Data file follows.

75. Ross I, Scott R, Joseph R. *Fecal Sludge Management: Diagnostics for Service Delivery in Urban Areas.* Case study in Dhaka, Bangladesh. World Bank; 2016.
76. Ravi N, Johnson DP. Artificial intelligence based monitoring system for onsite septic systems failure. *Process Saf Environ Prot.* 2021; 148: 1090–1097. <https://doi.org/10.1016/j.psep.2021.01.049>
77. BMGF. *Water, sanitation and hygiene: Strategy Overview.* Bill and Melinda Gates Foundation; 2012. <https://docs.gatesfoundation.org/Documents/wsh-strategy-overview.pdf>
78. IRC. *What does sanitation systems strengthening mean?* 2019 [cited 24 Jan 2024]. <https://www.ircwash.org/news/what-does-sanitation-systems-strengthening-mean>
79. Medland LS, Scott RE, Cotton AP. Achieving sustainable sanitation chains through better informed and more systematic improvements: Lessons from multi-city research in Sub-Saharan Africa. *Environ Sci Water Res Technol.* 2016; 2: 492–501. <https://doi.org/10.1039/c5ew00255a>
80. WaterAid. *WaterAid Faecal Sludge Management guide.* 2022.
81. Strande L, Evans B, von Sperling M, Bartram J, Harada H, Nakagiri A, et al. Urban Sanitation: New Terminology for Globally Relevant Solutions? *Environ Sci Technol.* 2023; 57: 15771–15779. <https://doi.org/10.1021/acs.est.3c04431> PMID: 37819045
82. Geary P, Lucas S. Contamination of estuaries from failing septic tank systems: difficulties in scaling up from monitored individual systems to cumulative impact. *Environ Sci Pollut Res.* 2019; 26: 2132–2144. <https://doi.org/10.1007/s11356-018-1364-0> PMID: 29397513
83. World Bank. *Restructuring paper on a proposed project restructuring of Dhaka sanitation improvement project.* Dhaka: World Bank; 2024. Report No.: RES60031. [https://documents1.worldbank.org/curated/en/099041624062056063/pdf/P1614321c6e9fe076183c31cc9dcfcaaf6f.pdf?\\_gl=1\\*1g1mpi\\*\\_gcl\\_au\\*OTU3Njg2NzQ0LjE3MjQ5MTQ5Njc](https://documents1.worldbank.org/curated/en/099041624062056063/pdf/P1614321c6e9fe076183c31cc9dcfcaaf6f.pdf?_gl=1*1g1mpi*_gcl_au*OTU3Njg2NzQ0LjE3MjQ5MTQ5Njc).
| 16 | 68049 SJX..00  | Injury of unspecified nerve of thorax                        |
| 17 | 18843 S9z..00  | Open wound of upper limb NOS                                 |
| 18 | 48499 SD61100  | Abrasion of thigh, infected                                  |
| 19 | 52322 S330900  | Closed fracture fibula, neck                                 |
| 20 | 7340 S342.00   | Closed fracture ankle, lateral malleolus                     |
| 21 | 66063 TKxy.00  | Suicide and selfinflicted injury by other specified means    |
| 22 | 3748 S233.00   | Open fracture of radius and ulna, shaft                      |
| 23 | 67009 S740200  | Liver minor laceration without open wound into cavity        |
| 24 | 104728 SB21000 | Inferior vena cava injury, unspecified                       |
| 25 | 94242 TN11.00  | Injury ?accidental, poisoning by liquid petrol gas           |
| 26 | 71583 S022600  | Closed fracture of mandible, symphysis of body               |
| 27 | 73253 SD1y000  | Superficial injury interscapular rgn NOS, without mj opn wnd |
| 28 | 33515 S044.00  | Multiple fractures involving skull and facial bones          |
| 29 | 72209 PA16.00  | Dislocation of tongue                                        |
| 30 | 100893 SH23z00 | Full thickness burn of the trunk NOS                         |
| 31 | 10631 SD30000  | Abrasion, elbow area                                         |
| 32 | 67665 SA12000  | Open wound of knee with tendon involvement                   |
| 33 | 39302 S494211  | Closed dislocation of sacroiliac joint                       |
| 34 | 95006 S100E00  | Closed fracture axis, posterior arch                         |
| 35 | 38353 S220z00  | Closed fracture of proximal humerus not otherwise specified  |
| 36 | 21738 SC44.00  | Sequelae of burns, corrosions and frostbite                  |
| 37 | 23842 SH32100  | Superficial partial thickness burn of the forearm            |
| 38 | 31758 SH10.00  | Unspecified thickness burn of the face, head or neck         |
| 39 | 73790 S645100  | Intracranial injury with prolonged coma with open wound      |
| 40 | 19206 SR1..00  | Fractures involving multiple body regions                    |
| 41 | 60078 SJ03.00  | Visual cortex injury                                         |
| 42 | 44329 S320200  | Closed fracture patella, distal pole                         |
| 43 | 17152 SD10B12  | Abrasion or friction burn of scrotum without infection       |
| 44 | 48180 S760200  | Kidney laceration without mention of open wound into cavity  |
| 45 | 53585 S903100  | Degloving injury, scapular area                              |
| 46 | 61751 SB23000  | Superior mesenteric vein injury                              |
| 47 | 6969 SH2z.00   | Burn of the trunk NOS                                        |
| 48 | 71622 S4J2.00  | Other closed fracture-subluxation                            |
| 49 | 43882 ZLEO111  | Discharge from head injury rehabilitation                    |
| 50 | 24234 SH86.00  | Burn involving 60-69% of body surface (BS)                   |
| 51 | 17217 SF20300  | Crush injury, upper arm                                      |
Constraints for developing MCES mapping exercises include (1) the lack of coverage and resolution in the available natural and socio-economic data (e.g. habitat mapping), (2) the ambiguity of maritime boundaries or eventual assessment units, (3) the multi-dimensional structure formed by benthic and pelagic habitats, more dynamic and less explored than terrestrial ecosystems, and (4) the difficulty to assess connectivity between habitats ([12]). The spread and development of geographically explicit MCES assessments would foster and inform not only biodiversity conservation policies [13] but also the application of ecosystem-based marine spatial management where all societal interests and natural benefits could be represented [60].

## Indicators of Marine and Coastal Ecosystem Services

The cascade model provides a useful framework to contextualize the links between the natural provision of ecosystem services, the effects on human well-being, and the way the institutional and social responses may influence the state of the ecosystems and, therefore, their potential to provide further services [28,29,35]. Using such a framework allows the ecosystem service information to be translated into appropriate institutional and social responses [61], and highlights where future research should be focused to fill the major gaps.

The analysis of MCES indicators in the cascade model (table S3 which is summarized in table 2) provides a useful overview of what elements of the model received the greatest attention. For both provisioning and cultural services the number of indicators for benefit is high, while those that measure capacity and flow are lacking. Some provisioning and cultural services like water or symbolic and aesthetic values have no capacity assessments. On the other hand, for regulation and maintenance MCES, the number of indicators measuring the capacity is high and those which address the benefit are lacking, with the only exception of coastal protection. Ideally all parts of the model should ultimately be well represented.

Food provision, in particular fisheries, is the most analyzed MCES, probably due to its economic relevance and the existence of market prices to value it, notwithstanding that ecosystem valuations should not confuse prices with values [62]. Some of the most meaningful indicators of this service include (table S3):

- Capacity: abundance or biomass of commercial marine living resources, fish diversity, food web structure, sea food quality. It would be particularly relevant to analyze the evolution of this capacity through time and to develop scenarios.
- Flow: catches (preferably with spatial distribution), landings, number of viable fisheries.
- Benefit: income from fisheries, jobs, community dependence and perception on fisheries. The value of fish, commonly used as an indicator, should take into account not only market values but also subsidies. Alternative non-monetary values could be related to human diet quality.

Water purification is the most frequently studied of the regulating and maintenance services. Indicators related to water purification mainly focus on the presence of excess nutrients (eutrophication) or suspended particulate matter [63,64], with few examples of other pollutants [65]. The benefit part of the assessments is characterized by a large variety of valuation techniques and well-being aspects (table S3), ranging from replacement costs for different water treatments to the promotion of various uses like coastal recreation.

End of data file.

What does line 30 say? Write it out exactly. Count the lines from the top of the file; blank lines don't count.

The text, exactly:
| 36 | 21738 SC44.00  | Sequelae of burns, corrosions and frostbite                  |